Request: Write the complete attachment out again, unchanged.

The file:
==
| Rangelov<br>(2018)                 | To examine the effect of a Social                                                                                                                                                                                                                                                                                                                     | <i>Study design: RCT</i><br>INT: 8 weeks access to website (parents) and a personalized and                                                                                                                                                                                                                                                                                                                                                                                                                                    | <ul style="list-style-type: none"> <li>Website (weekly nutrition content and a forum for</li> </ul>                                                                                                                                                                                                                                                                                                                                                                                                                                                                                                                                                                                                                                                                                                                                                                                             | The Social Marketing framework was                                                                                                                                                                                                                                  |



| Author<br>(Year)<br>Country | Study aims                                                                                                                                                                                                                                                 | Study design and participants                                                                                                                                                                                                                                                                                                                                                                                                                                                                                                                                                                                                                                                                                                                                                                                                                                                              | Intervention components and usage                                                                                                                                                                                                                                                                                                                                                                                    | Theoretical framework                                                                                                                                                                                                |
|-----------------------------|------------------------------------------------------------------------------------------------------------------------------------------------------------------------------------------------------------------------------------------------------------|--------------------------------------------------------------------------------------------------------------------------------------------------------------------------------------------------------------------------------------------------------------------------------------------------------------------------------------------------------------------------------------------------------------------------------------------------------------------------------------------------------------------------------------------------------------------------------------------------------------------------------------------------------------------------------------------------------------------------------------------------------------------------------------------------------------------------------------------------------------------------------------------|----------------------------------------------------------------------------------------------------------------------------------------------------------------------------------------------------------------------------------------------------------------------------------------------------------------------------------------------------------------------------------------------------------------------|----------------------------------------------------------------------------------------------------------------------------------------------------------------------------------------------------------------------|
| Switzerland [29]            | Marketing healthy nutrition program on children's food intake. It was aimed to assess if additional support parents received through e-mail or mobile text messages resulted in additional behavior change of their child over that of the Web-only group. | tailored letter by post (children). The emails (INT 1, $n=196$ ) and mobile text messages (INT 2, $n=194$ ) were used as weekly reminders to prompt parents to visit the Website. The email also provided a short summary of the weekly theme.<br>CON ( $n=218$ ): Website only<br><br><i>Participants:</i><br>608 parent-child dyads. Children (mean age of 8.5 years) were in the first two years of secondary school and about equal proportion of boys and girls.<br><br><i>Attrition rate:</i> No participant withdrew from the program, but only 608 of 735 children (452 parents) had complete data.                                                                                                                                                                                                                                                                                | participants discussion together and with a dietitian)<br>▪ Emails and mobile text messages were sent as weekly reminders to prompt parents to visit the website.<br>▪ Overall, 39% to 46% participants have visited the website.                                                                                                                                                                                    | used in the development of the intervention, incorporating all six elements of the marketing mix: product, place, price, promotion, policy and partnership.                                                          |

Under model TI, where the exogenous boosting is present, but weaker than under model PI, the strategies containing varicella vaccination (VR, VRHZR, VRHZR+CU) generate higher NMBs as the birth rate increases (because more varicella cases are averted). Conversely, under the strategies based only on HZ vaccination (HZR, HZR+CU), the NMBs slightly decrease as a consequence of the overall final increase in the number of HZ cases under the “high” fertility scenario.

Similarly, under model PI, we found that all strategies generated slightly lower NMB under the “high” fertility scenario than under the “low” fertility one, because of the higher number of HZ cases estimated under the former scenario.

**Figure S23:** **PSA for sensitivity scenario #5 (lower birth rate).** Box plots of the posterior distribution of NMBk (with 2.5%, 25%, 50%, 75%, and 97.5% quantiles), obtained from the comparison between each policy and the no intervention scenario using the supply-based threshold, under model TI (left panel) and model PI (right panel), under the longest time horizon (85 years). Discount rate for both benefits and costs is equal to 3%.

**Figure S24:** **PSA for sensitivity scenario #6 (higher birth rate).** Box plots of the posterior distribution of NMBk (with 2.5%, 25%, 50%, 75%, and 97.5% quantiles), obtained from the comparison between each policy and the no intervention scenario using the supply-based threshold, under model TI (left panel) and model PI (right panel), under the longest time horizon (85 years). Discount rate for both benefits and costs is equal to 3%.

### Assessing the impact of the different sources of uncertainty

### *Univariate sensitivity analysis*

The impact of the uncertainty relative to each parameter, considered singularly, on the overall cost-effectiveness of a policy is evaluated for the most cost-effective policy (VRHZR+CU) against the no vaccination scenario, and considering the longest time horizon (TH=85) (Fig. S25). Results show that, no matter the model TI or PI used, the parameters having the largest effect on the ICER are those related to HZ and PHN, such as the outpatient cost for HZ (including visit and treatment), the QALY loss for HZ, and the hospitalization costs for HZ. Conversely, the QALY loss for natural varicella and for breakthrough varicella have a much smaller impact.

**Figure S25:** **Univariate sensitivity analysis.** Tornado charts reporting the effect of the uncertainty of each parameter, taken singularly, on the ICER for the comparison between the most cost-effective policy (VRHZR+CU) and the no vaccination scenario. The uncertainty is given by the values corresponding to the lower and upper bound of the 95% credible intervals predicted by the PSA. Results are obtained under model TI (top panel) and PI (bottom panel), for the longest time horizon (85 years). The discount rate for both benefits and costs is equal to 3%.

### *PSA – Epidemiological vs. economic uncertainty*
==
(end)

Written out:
| Rangelov<br>(2018)                 | To examine the effect of a Social                                                                                                                                                                                                                                                                                                                     | <i>Study design: RCT</i><br>INT: 8 weeks access to website (parents) and a personalized and                                                                                                                                                                                                                                                                                                                                                                                                                                    | <ul style="list-style-type: none"> <li>Website (weekly nutrition content and a forum for</li> </ul>                                                                                                                                                                                                                                                                                                                                                                                                                                                                                                                                                                                                                                                                                                                                                                                             | The Social Marketing framework was                                                                                                                                                                                                                                  |



| Author<br>(Year)<br>Country | Study aims                                                                                                                                                                                                                                                 | Study design and participants                                                                                                                                                                                                                                                                                                                                                                                                                                                                                                                                                                                                                                                                                                                                                                                                                                                              | Intervention components and usage                                                                                                                                                                                                                                                                                                                                                                                    | Theoretical framework                                                                                                                                                                                                |
|-----------------------------|------------------------------------------------------------------------------------------------------------------------------------------------------------------------------------------------------------------------------------------------------------|--------------------------------------------------------------------------------------------------------------------------------------------------------------------------------------------------------------------------------------------------------------------------------------------------------------------------------------------------------------------------------------------------------------------------------------------------------------------------------------------------------------------------------------------------------------------------------------------------------------------------------------------------------------------------------------------------------------------------------------------------------------------------------------------------------------------------------------------------------------------------------------------|----------------------------------------------------------------------------------------------------------------------------------------------------------------------------------------------------------------------------------------------------------------------------------------------------------------------------------------------------------------------------------------------------------------------|----------------------------------------------------------------------------------------------------------------------------------------------------------------------------------------------------------------------|
| Switzerland [29]            | Marketing healthy nutrition program on children's food intake. It was aimed to assess if additional support parents received through e-mail or mobile text messages resulted in additional behavior change of their child over that of the Web-only group. | tailored letter by post (children). The emails (INT 1, $n=196$ ) and mobile text messages (INT 2, $n=194$ ) were used as weekly reminders to prompt parents to visit the Website. The email also provided a short summary of the weekly theme.<br>CON ( $n=218$ ): Website only<br><br><i>Participants:</i><br>608 parent-child dyads. Children (mean age of 8.5 years) were in the first two years of secondary school and about equal proportion of boys and girls.<br><br><i>Attrition rate:</i> No participant withdrew from the program, but only 608 of 735 children (452 parents) had complete data.                                                                                                                                                                                                                                                                                | participants discussion together and with a dietitian)<br>▪ Emails and mobile text messages were sent as weekly reminders to prompt parents to visit the website.<br>▪ Overall, 39% to 46% participants have visited the website.                                                                                                                                                                                    | used in the development of the intervention, incorporating all six elements of the marketing mix: product, place, price, promotion, policy and partnership.                                                          |

Under model TI, where the exogenous boosting is present, but weaker than under model PI, the strategies containing varicella vaccination (VR, VRHZR, VRHZR+CU) generate higher NMBs as the birth rate increases (because more varicella cases are averted). Conversely, under the strategies based only on HZ vaccination (HZR, HZR+CU), the NMBs slightly decrease as a consequence of the overall final increase in the number of HZ cases under the “high” fertility scenario.

Similarly, under model PI, we found that all strategies generated slightly lower NMB under the “high” fertility scenario than under the “low” fertility one, because of the higher number of HZ cases estimated under the former scenario.

**Figure S23:** **PSA for sensitivity scenario #5 (lower birth rate).** Box plots of the posterior distribution of NMBk (with 2.5%, 25%, 50%, 75%, and 97.5% quantiles), obtained from the comparison between each policy and the no intervention scenario using the supply-based threshold, under model TI (left panel) and model PI (right panel), under the longest time horizon (85 years). Discount rate for both benefits and costs is equal to 3%.

**Figure S24:** **PSA for sensitivity scenario #6 (higher birth rate).** Box plots of the posterior distribution of NMBk (with 2.5%, 25%, 50%, 75%, and 97.5% quantiles), obtained from the comparison between each policy and the no intervention scenario using the supply-based threshold, under model TI (left panel) and model PI (right panel), under the longest time horizon (85 years). Discount rate for both benefits and costs is equal to 3%.

### Assessing the impact of the different sources of uncertainty

### *Univariate sensitivity analysis*

The impact of the uncertainty relative to each parameter, considered singularly, on the overall cost-effectiveness of a policy is evaluated for the most cost-effective policy (VRHZR+CU) against the no vaccination scenario, and considering the longest time horizon (TH=85) (Fig. S25). Results show that, no matter the model TI or PI used, the parameters having the largest effect on the ICER are those related to HZ and PHN, such as the outpatient cost for HZ (including visit and treatment), the QALY loss for HZ, and the hospitalization costs for HZ. Conversely, the QALY loss for natural varicella and for breakthrough varicella have a much smaller impact.

**Figure S25:** **Univariate sensitivity analysis.** Tornado charts reporting the effect of the uncertainty of each parameter, taken singularly, on the ICER for the comparison between the most cost-effective policy (VRHZR+CU) and the no vaccination scenario. The uncertainty is given by the values corresponding to the lower and upper bound of the 95% credible intervals predicted by the PSA. Results are obtained under model TI (top panel) and PI (bottom panel), for the longest time horizon (85 years). The discount rate for both benefits and costs is equal to 3%.

### *PSA – Epidemiological vs. economic uncertainty*